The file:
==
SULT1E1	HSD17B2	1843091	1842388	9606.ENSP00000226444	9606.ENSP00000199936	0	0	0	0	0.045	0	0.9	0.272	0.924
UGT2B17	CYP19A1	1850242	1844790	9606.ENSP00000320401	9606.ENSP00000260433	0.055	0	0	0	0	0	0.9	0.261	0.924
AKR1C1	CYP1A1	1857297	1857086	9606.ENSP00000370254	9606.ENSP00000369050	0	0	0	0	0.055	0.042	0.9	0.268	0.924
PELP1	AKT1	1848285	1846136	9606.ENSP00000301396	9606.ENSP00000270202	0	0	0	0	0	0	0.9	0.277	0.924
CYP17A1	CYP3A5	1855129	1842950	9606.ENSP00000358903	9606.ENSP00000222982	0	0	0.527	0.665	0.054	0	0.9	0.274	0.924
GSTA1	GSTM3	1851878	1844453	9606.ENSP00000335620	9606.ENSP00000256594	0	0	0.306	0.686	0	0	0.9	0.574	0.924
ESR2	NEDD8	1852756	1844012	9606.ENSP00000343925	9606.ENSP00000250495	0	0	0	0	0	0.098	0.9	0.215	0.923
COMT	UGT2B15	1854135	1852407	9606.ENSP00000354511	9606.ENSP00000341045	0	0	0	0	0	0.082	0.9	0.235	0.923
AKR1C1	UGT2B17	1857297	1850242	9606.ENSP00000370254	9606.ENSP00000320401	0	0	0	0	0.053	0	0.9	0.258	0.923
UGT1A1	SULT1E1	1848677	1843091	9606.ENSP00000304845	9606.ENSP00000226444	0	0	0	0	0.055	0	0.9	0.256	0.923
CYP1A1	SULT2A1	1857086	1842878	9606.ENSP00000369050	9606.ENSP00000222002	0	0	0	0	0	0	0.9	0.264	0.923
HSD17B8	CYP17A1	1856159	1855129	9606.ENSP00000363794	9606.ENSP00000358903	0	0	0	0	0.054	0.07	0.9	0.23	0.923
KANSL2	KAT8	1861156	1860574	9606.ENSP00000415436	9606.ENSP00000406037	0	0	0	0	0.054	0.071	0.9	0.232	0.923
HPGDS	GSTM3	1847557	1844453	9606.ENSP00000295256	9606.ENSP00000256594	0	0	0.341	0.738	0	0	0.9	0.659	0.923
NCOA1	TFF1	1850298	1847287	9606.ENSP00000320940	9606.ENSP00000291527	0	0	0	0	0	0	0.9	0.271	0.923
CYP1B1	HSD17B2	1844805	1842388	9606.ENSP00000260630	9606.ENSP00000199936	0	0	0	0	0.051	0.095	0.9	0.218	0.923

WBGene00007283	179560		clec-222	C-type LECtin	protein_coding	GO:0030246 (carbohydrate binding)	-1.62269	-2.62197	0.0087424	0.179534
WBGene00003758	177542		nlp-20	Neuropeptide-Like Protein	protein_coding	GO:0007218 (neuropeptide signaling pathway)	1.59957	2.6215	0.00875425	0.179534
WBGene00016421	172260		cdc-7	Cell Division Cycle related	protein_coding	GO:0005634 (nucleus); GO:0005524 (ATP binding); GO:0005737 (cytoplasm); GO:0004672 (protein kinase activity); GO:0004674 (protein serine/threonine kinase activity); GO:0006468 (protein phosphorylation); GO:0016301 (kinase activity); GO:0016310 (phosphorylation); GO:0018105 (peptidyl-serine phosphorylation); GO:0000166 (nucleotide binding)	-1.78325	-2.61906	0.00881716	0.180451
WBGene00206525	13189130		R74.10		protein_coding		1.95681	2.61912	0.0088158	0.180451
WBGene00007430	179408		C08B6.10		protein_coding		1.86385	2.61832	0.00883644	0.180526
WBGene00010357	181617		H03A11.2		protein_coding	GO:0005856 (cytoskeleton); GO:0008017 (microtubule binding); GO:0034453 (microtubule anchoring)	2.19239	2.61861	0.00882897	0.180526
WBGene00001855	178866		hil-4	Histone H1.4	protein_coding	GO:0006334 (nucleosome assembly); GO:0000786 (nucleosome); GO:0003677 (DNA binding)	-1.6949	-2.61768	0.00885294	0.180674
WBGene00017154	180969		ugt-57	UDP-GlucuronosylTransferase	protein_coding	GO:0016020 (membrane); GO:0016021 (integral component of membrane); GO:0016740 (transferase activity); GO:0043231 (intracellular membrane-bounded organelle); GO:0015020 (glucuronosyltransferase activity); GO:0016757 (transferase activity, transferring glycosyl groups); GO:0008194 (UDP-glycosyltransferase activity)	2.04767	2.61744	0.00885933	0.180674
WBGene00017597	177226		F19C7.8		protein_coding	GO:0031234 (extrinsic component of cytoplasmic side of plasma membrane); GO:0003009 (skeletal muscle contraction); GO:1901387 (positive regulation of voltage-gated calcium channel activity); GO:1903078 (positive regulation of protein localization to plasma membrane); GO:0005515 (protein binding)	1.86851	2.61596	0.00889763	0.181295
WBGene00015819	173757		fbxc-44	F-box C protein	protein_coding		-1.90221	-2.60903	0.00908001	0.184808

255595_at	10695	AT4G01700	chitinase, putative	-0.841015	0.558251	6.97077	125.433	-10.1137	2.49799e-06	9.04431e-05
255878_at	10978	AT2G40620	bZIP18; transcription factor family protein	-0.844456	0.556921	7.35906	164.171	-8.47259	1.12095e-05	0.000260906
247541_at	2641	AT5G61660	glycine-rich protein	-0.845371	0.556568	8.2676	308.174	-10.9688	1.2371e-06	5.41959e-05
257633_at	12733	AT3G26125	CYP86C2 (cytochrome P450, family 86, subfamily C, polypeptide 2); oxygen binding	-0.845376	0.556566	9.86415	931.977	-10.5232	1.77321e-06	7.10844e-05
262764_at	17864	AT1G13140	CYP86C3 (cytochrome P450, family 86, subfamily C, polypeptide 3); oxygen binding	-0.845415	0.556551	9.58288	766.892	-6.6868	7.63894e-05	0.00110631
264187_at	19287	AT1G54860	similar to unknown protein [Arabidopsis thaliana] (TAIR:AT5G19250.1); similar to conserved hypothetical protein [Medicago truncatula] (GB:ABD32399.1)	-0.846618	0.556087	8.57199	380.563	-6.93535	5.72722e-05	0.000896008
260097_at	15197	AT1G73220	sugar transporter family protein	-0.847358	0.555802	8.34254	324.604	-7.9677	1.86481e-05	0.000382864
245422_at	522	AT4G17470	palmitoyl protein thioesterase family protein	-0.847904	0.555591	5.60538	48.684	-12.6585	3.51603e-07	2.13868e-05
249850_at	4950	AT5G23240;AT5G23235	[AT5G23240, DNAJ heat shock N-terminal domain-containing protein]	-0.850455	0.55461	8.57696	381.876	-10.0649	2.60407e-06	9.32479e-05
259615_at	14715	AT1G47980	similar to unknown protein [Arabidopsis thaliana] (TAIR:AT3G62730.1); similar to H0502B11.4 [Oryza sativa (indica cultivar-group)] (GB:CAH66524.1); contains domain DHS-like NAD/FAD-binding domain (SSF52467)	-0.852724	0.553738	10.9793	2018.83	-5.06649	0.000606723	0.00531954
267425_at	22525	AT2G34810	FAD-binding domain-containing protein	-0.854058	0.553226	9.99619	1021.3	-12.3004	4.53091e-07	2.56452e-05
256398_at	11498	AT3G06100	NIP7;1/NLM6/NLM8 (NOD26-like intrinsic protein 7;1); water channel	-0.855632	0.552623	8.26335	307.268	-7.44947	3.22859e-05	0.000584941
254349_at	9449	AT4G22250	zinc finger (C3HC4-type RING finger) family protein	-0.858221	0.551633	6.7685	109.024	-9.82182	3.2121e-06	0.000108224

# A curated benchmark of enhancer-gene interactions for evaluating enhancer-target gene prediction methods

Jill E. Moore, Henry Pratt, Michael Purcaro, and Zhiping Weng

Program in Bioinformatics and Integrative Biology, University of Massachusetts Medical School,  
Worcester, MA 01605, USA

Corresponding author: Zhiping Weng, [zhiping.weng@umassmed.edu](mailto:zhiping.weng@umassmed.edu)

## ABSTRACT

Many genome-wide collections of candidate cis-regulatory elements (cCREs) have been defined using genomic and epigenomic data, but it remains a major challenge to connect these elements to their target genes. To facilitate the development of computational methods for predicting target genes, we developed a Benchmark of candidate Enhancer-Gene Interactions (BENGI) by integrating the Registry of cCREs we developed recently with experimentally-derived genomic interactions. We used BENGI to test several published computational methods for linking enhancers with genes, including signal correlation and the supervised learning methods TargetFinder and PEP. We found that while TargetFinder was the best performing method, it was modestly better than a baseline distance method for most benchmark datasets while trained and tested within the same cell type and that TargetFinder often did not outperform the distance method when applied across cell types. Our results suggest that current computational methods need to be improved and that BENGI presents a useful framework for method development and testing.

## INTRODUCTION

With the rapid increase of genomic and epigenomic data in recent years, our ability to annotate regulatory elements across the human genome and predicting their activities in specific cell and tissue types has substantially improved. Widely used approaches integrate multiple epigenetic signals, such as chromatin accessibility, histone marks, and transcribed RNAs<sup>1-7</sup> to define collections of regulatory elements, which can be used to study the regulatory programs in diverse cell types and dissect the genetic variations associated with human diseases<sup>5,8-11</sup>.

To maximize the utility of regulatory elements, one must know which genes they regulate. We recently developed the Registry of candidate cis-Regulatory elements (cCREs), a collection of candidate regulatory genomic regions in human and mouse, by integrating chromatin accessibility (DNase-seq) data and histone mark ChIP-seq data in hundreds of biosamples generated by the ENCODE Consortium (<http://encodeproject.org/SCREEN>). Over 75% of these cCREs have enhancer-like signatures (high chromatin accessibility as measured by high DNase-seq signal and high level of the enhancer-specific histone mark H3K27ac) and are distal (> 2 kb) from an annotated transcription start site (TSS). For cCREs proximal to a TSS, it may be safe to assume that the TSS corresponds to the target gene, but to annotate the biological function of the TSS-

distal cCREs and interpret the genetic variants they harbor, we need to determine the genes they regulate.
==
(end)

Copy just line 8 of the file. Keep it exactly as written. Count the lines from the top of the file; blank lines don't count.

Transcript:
COMT	UGT2B15	1854135	1852407	9606.ENSP00000354511	9606.ENSP00000341045	0	0	0	0	0	0.082	0.9	0.235	0.923